You know that if you go hang out at a used tire shop (I've worked in the business) you'll find the most of the danger is from mashing your fingers, getting a tire blown up in your kisser and the like. You probably won't find a lot of super health conscious types working at those places, but will find a lot of alcoholics and druggies .. That's not saying much for the industry. I've worked with hazardous materials most of my life and at 58 I can't say I'm too much more worse for the wear.. I have nervous ticks and other ailments, but most of them could be traced back to solvent exposure and slips and falls and other not so fun incidences.. I doubt that I'm going to die directly from whatever chemicals used tires might have put out.
John Pollard wrote:
John Schinnerer wrote:I love how these topics go around and around and after 20 years the same guesses and assumptions live on and nobody seems to know about resources equally old.
Some actual research (whoever posted there's no science is incorrect) from University of Wisconsin, a compilation of a bunch of stuff, all under the heading "Use of scrap tires in civil and environmental construction" is here:
There was one major report - probably included in this compilation, and I have a hard copy somewhere still I think - that was pointed to by the Earthship folks back in the day. It basically said that used tire material buried in the ground doesn't seem to leach much of anything and since it's buried there's no offgassing and no UV-destabilization. The use case was chunked up tires as part of a subsurface earthen fill and/or embankment material for civil engineering. Any buried tire application is essentially similar, unless there are also solvents in the ground that degrade tire material, in which case the tire is probably the least of the problems.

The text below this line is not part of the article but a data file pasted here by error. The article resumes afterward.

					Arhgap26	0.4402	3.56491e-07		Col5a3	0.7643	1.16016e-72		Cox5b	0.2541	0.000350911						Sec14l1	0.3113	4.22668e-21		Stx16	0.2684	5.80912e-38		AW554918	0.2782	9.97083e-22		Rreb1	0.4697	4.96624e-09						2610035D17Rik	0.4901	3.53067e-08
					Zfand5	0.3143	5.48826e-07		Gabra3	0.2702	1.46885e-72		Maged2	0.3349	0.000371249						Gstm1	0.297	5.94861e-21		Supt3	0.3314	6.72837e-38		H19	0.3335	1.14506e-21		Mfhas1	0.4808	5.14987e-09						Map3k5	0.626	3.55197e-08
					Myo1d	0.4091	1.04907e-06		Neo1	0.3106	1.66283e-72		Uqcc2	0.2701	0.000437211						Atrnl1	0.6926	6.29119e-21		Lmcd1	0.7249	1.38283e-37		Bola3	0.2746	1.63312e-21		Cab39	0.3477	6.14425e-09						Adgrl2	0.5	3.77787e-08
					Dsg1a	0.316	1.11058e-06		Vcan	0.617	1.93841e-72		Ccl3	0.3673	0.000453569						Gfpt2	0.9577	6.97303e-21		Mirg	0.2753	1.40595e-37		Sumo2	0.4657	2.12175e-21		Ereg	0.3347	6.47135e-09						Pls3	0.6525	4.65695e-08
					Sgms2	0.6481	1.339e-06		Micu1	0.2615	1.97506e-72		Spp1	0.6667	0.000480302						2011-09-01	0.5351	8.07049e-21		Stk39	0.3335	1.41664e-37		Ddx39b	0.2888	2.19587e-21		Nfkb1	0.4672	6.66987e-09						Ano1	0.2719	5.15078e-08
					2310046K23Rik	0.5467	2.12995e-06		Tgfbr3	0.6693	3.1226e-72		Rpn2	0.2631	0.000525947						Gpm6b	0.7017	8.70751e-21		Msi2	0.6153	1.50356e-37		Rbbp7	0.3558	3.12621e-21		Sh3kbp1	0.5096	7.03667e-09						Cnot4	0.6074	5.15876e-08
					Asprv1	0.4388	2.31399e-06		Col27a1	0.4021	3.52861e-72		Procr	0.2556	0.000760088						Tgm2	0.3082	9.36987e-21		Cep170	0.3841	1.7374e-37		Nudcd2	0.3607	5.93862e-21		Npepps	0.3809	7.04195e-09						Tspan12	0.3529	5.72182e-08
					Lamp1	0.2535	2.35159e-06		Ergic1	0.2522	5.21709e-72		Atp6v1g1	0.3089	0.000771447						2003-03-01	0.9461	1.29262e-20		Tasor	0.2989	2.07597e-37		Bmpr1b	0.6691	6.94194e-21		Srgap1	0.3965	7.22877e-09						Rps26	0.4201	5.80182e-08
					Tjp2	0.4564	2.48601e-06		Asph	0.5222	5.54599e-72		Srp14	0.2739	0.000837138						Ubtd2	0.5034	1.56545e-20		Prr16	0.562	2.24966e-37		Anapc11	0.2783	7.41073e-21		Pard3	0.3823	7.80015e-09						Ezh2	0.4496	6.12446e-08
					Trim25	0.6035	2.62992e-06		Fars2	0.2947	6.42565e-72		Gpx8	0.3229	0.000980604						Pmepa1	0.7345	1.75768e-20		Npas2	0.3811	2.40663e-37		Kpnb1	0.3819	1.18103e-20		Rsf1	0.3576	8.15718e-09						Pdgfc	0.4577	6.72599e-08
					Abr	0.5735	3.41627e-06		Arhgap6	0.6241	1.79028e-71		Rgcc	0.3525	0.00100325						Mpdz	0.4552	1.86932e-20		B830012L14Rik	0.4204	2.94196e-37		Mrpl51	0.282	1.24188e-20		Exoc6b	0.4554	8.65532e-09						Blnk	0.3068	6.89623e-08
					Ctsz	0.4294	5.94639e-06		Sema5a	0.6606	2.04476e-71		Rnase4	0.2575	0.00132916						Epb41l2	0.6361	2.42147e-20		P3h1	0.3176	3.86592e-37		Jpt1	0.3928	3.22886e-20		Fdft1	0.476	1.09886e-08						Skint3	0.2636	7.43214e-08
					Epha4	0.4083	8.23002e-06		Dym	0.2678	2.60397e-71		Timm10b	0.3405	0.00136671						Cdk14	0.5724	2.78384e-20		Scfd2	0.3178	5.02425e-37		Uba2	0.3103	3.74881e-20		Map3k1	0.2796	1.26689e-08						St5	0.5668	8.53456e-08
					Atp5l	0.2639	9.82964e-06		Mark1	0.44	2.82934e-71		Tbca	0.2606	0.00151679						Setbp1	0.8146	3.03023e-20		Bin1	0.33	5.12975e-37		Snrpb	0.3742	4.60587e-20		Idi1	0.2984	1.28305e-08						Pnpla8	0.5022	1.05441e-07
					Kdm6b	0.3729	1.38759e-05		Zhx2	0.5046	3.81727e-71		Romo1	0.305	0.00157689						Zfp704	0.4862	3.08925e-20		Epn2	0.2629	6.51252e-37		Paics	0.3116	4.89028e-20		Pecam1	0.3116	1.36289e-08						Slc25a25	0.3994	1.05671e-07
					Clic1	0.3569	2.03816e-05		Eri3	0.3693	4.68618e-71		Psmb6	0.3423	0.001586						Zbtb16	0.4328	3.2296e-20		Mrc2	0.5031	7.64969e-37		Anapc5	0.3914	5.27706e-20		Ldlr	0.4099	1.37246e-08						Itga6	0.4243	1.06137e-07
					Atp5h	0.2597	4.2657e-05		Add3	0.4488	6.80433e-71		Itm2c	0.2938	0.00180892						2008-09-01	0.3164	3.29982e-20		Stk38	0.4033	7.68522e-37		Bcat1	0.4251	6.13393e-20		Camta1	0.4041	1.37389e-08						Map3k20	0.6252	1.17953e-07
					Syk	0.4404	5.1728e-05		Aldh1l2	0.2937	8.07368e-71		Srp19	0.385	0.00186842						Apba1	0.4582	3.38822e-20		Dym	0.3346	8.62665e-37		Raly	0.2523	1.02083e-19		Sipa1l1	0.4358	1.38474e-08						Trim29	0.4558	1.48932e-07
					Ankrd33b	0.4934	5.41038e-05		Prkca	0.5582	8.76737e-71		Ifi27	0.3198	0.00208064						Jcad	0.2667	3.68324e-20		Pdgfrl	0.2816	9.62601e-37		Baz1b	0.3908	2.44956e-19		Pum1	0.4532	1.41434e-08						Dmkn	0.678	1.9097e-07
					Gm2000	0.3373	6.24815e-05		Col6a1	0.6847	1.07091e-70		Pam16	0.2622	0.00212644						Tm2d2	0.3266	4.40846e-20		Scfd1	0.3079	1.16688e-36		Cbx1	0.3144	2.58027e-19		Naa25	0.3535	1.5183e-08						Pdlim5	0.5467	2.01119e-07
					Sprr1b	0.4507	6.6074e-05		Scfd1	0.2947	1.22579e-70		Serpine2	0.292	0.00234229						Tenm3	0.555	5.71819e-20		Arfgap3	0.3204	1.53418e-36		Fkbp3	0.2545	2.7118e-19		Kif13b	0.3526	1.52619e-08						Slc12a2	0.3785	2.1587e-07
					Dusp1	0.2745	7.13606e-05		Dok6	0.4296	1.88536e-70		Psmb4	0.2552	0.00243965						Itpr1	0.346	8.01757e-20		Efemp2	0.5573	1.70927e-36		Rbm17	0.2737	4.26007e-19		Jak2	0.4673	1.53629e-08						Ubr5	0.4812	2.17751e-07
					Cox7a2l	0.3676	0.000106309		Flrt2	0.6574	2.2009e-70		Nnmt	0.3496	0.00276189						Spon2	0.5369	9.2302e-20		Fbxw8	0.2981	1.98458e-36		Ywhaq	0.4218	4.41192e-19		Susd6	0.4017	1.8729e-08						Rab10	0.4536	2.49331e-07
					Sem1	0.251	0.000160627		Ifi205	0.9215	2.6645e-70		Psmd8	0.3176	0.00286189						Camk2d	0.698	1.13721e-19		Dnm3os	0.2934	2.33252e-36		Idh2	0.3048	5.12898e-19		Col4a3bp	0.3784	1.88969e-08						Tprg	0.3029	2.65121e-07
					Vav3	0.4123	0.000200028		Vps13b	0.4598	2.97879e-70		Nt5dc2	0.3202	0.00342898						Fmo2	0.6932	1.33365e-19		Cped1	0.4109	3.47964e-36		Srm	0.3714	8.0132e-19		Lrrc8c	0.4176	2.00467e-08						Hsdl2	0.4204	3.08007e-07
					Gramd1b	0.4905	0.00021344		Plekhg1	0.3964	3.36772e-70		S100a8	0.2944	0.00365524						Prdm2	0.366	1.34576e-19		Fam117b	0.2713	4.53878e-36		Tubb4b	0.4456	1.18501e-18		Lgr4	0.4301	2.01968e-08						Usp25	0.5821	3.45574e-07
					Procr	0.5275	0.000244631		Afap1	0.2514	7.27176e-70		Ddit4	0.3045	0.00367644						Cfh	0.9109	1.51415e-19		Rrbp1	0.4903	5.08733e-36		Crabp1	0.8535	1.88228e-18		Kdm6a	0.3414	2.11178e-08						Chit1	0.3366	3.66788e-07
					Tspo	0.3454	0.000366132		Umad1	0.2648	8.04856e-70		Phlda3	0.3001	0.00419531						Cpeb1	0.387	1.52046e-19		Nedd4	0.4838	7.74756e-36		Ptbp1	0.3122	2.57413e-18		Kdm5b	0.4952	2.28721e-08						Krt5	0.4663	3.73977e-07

What might be of major concern is the use of tires on actual cars, where they are a major non-point pollution source spread all over the country and emitting whenever they are driven on, spewing out tiny particulates that move with the air and water.
So for anyone concerned about reducing pollution from tires, the place to start is cars. Forget that old tractor tire planter in Grandma's yard. Minor issue. Do something about all those cars!
We have a winner. The guy behind earthips, Michael Reynoulds, looked into this a long time ago. Tires have a half life of something like 30,000 years when buried in a landfill situation.(one half life used=50% life remaining) There is no way to recycle them but you can re-purpose them. When they're shredded for playground mulch, they still get sun, freezing temps and high temps. That makes them break down pretty quick and then the nasties get in the soil/water. Burning them of course, is way worse unless. There is an industrial recycling process called tire pyrolisis https://en.wikipedia.org/wiki/Tire_recycling#Tire_pyrolysis
Currently, burying them is the safest option there is for tires. Burying them in landfills, they get mashed, mixed with other stuff, might stick out of the ground at times and will have rainwater flowing against them. Buried in an earthship, they're kept cool, dry and out of the sun. I don't know think a study of the half life of them in that case would result in. 100,000 years?
Meanwhile, you can make some cool looking outdoor furniture.
As far as out-gassing through the dry soil and whatever you coat your inside walls with, keep it fresh and crack free. I know some old tires guys that have been in the business their whole life and that's with dealing with stinky new tires and seemingly had no health problems at the age of 60 or so.
Drive less and don't park your tires in the sun.